A Banbury businessman is celebrating almost a year of being clear of prostate cancer and is urging all men to take the simple blood test that saved his life.
Peter Babbage, 59, managing director of PFC Brakes on the Wildmere Industrial Estate, had taken a PSA (Prostate Specific Antigen) test three years ago, as part of a regular health check through his employer, which came back well within the normal range.
A year later Peter, an avid cyclist, decided to have another blood test for PSA as a precautionary measure. This test indicated slightly raised levels so he was referred to a specialist who told him that his love of distance cycling could be the reason for the results.
After a week banished from his beloved bike Peter was retested and the results were once again well within the normal range.
At the beginning of 2016 a close friend of Peter’s, ten years his senior, was diagnosed with aggressive, advanced prostate cancer but after two consecutive all clears and no signs of any illness, Peter was reluctant to have yet another test.
Peter said: “I had no symptoms, I was extremely fit as I was doing a lot of cycling then. My friend’s diagnosis made my wife say to me, ‘You ought to go and have another test’ but I said ‘I only had it a year ago and they told me everything was fine, I don’t need another test’.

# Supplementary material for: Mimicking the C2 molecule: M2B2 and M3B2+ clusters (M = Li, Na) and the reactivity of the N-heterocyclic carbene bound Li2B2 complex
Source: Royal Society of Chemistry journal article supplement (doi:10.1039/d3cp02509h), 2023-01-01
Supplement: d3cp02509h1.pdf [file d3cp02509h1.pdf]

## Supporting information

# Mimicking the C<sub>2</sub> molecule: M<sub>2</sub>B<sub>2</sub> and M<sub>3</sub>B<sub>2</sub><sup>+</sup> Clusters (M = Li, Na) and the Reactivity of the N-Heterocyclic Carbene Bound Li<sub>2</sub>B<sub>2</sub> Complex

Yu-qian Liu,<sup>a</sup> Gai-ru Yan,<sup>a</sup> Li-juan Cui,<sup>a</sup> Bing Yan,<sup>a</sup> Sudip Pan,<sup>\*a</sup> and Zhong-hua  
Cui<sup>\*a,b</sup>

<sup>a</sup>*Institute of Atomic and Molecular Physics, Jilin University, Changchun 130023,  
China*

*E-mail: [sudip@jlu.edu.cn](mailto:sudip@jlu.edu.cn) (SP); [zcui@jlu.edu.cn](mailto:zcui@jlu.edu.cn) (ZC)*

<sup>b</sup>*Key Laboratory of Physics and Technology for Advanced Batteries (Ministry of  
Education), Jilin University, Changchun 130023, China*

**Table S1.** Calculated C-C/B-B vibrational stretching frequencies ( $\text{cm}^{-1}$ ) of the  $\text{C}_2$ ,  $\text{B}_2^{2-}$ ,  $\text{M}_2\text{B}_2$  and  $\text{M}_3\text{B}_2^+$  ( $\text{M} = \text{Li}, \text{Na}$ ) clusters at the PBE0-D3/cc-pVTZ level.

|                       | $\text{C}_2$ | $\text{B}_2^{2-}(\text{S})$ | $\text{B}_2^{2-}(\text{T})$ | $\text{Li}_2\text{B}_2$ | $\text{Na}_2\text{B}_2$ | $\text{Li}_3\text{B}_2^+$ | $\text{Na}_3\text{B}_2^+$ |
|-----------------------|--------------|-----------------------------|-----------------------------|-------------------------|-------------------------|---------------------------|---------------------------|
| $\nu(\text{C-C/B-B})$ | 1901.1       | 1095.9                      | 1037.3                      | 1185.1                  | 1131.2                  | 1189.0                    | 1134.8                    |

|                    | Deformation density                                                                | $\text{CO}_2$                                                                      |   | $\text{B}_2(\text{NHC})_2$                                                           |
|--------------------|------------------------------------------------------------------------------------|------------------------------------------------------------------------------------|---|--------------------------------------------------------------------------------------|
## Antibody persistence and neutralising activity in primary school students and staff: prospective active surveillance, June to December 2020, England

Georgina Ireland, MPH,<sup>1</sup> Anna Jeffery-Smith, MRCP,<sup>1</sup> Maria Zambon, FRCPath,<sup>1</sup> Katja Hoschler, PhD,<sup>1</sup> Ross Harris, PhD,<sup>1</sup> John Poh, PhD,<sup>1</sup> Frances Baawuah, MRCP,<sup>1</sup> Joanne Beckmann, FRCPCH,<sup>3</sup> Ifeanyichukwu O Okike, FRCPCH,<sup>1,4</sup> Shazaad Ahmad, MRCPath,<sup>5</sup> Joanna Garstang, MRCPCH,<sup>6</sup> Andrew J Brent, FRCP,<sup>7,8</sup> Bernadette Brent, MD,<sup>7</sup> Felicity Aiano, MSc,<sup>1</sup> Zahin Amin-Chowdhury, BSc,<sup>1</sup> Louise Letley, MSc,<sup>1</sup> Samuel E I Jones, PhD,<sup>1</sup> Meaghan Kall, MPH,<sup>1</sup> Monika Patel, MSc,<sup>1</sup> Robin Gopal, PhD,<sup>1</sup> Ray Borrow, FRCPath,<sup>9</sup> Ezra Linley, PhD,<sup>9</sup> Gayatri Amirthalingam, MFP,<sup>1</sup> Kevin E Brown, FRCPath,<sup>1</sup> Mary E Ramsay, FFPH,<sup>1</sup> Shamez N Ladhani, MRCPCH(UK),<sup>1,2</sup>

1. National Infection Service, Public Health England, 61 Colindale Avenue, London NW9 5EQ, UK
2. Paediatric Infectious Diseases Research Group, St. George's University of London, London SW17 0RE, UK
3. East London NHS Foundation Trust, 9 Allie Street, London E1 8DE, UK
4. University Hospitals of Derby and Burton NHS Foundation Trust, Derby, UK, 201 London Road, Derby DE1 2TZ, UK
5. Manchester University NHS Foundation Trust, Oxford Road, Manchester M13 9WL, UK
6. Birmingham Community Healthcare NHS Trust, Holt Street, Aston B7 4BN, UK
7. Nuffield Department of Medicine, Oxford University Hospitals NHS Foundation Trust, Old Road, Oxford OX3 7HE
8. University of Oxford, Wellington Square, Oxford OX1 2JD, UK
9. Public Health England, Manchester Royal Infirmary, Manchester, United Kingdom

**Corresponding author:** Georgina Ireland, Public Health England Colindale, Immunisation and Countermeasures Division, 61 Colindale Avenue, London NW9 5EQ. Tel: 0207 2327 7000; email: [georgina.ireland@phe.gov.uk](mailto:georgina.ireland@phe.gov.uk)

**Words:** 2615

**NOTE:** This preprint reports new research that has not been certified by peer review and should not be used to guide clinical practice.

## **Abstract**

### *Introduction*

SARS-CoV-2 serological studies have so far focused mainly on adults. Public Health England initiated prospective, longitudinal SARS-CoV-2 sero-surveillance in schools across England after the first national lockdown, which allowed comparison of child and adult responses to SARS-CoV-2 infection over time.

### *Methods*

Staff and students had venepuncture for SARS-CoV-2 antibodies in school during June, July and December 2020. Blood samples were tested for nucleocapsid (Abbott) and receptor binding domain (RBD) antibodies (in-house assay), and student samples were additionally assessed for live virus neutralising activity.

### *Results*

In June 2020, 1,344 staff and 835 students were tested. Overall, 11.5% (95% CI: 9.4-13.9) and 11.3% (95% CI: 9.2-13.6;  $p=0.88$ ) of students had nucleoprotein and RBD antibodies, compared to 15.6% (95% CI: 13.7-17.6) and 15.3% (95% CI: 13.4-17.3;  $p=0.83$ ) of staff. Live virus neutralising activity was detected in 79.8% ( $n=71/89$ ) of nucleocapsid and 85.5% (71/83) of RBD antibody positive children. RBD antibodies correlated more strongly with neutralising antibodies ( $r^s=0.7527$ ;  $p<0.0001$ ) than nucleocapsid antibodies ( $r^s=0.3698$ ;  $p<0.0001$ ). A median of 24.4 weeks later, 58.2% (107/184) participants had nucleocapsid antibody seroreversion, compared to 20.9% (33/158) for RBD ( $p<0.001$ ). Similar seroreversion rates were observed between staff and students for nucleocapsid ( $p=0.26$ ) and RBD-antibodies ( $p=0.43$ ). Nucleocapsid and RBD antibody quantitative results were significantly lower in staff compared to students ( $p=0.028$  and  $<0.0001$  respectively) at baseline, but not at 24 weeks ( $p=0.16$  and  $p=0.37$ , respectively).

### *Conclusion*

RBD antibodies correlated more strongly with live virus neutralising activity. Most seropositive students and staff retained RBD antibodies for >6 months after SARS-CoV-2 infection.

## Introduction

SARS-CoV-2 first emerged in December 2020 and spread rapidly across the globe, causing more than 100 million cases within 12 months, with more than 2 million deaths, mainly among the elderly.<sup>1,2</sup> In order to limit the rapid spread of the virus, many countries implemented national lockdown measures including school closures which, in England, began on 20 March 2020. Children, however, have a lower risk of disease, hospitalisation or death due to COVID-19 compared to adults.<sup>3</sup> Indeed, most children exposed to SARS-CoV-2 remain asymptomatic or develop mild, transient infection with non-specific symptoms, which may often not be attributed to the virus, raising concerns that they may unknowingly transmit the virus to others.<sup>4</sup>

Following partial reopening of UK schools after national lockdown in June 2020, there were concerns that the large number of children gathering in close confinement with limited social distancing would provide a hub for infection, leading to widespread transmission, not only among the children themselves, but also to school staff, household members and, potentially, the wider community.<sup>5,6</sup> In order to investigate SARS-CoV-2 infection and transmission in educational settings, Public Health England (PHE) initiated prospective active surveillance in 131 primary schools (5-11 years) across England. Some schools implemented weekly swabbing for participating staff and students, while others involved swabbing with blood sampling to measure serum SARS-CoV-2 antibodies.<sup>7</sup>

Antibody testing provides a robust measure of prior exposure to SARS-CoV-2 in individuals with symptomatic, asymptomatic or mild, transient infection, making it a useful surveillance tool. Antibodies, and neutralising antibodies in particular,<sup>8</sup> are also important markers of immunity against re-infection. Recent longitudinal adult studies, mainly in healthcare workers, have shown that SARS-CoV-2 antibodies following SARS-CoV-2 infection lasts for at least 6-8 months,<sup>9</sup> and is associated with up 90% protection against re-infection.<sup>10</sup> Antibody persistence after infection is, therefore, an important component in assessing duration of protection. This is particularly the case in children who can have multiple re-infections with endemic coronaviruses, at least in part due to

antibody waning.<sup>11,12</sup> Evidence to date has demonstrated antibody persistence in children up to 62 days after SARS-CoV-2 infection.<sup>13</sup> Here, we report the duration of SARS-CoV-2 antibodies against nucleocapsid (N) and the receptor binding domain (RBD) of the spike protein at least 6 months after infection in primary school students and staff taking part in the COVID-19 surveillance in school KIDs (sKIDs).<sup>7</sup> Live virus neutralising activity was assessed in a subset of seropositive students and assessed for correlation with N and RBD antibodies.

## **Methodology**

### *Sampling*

“My wife pleaded with me to go and have another test, it’s only five minutes at the doctors, so I went back.”
In the space of just 12 months and with not a single symptom, Peter’s PSA level had gone from a low and normal 3.2 to a very high 8.8 which immediately set alarms bells ringing.
He was sent for a biopsy and an MRI scan. Peter said: “The MRI confirmed there were tumours within the prostate and the biopsy confirmed that both tumours were malignant. It was classed as advanced and aggressive prostate cancer.”
Peter’s treatment was swift and the prostate was removed. Had it not been caught when it was, Peter’s cancer was just weeks away from spreading throughout his body.
Now, 10 months on, Peter is using his love of cycling to raise money for Prostate Cancer UK and more importantly raise awareness of the condition.
On June 24 Peter and 88 other Prostate Cancer UK charity riders will take part in the 127-mile Grand Depart, the opening stage of the Tour De France , this year starting in Düsseldorf Germany.
Peter said: “Part of what we’re doing in raising this money is to be able to do further tests to find more effective, easier, quicker and cheaper ways of testing people. The tests need to be more accurate, more reliable, quicker and easier.”
He added: “You can have a problem but show no symptoms, that’s the worrying thing.”
To sponsor Peter visit his JustGiving page.